1.- Dismissal for serious cause: very strict deadlines
When an employee commits an act that results in an irremediable breakdown in the relationship between him and his employer, the employer may dismiss him without notice and without any compensation. To do so, the employer has to respect two very strict deadlines1.
- He must notify the dismissal to the employee within three days after he has become aware of the serious cause.
- He then has three days to give the reasons for his dismissal of the employee.
Practically, this raises the very important question of the starting point of the first deadline, which is the day when the employer acquires sufficient knowledge of the facts invoked as serious cause. After the expiration of this deadline, it is impossible to dismiss an employee without notice.
2.- The problem of the dismissal for serious cause by a person not empowered to do so
When a person exceeds his powers and dismisses an employee, case law admits that the dismissal may be ratified subsequently. The ratification may be either express or implied. For example, the fact that the empowered representative establishes and signs the final closure account or that he prohibits the employee from returning to work are implied ratifications of the dismissal2. Similarly, the simple fact that the competent person does not question the dismissal as time goes by may be equal to a ratification. This is why the employee must challenge the validity of the dismissal within a reasonably short period of time3.
The above is the principle, but, in practice, Courts experience difficulties with this question: in order for the dismissal for serious cause to be valid, when does the empowered person have to ratify it?
3.- Case law
3.1 The three main streams encountered in case law
Authors4 identify different positions in case law:
- The first stream in case law – which is a bit outdated – states that the ratification must take place within three days after the non-empowered person has had knowledge of the facts invoked as serious cause5. This is the most stringent position.
- The second stream estimates that the ratification must take place within three days from the time when the competent person is aware of the facts justifying the serious cause6.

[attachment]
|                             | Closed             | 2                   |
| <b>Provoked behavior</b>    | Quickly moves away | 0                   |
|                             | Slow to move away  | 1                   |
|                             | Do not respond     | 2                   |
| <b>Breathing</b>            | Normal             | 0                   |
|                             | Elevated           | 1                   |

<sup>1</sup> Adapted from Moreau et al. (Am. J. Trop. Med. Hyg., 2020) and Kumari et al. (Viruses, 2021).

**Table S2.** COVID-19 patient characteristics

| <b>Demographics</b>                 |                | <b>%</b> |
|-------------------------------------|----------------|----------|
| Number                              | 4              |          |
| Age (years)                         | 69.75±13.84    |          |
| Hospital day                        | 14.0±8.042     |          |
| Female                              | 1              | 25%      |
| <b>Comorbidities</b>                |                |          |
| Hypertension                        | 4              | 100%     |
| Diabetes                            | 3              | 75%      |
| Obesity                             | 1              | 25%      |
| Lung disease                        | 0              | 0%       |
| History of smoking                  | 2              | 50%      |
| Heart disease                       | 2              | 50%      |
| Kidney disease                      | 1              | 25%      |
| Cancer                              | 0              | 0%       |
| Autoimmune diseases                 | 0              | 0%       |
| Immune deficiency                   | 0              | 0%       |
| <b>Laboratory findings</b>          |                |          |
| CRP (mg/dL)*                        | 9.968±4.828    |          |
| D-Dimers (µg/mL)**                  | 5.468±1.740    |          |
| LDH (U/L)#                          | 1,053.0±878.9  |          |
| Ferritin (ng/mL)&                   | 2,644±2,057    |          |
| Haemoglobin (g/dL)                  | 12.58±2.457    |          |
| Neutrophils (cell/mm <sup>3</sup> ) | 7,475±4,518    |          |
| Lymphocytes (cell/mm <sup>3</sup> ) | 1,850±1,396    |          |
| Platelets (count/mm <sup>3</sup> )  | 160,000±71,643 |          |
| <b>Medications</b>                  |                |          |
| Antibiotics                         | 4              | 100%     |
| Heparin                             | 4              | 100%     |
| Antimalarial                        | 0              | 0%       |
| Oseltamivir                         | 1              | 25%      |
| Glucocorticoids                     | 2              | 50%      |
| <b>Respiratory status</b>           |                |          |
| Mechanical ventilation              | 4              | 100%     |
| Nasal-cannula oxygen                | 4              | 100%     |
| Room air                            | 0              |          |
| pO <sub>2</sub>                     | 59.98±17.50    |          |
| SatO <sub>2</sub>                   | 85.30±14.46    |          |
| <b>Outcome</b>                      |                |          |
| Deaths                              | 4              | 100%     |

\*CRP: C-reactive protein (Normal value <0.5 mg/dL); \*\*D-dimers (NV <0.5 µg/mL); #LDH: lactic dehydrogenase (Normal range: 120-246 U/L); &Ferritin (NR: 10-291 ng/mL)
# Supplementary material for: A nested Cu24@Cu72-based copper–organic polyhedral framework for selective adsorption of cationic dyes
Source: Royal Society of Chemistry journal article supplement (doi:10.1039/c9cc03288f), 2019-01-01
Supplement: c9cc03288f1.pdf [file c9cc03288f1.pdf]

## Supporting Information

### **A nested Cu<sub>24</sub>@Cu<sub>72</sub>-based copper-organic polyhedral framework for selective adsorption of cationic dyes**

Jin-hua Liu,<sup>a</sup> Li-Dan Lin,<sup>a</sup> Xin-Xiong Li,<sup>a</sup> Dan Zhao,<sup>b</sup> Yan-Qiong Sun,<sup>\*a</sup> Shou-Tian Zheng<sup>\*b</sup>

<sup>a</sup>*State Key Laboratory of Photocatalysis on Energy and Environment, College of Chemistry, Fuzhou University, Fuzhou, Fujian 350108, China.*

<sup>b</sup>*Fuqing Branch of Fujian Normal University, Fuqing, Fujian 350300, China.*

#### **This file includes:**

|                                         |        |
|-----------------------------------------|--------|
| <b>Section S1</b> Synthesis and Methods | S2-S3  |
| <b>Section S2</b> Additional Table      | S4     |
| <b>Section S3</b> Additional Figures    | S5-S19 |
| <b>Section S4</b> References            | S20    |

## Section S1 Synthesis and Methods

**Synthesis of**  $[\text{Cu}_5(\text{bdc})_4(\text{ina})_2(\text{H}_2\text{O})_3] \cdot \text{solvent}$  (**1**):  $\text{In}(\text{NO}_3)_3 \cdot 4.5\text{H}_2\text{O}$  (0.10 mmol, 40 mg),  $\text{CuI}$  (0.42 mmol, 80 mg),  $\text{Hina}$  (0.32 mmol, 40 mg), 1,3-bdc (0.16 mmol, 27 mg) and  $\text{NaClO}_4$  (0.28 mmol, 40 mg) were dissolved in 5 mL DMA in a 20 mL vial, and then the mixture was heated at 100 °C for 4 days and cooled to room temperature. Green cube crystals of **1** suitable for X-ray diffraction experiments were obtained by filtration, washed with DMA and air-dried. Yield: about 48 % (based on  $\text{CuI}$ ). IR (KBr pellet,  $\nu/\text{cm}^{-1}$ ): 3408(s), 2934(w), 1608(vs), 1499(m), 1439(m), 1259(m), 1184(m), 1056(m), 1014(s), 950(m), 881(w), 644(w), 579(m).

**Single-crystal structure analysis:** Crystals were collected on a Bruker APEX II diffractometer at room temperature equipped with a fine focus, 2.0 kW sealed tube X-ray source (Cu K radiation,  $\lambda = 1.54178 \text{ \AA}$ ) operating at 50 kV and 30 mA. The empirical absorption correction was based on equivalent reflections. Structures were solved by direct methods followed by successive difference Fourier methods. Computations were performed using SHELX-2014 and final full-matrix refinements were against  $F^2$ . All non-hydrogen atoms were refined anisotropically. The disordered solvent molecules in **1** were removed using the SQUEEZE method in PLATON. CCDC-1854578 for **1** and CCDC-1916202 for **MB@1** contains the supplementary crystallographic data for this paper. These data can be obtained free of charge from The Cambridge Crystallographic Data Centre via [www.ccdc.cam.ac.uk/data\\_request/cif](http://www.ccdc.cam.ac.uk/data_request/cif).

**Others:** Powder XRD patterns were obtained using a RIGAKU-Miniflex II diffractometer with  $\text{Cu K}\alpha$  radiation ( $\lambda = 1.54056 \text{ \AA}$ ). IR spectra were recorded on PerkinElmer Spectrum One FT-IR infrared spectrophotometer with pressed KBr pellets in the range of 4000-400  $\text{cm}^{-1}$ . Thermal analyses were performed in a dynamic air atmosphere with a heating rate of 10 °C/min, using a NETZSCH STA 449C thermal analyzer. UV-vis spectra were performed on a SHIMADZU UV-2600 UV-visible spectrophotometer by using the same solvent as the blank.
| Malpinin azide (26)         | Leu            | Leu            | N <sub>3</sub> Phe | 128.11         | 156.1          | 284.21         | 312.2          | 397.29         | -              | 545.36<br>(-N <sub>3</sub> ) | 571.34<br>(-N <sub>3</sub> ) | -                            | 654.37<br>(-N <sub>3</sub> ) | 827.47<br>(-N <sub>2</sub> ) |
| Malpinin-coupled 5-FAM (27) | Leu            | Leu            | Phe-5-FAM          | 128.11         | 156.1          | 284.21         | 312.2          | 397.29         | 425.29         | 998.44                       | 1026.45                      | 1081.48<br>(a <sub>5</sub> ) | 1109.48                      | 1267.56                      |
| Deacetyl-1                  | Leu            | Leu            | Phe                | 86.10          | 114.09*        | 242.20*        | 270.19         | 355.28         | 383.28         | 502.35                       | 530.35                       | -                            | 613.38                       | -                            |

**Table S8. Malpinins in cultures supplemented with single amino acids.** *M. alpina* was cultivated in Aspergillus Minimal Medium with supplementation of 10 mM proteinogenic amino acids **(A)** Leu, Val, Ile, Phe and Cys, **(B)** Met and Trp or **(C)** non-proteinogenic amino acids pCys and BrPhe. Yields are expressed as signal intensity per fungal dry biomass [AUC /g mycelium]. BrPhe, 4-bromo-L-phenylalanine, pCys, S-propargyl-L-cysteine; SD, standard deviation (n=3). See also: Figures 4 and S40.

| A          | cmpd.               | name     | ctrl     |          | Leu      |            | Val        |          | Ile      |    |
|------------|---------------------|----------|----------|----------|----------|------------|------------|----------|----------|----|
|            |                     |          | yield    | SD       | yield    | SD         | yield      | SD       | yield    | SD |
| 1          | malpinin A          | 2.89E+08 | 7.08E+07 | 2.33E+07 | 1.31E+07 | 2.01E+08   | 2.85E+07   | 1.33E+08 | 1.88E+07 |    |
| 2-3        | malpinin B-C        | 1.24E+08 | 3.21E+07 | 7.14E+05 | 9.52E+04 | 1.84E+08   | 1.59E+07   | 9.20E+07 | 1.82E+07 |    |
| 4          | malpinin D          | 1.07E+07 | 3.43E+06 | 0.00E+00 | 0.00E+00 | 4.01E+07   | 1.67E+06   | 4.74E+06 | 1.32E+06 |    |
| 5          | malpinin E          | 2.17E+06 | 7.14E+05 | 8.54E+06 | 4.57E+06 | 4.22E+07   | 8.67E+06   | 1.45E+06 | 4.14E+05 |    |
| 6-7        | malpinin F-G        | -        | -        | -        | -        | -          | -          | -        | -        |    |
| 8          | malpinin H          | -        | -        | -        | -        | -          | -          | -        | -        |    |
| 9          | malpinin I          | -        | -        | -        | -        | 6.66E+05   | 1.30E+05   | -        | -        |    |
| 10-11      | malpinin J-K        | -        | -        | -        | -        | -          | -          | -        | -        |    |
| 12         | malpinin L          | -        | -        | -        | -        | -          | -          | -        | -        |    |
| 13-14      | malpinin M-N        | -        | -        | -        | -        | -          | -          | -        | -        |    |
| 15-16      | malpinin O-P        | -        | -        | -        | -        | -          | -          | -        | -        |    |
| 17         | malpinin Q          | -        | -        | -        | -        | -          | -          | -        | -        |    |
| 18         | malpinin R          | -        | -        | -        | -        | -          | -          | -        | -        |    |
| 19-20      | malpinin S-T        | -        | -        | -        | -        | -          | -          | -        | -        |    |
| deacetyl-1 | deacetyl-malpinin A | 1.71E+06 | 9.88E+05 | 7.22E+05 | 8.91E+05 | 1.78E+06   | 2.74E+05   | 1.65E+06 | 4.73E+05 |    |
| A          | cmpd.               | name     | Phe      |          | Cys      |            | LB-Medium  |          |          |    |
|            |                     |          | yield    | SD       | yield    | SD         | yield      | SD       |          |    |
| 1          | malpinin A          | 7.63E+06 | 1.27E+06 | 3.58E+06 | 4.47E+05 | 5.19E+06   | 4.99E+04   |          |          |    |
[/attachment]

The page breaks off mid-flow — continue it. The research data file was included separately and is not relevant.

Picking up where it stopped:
- The third stream does not take the three-day deadline into account. It bases its reasoning on the general legal principle that the ratification takes effect retroactively on the date when the non-competent person notified the dismissal7. This position has been adopted by the Court of Cassation. However, in the same decision, the Court insisted on the fact that retroactive application may not infringe on the acquired rights8.
3.2 Recent decisions
Three decisions issued during the year 20139 recall the principle of the retroactive application of the ratification that takes effect on the day of the dismissal.
But, three days after the employer is aware of the acts constituting serious cause, the employee has a right not to be dismissed without notice. Retroactive application may not infringe on acquired rights. That is why the Courts of Labour consider that the empowered person should ratify the dismissal within three days after becoming aware of the serious breaches. They thus seem to agree on the second case-law stream. The date when the competent person becomes aware of the facts is thus of significant importance.
Three upper Courts have reached the same conclusion on this very complicated topic. However, given the complexity of the question, it may not yet be concluded that the position adopted by these three Courts will be followed unanimously.
To conclude, the best an employer can do is to verify who is empowered to dismiss employees within a company in order to avoid any claim relating to such an unclear matter. A clear mandate, in writing, remains the safest solution.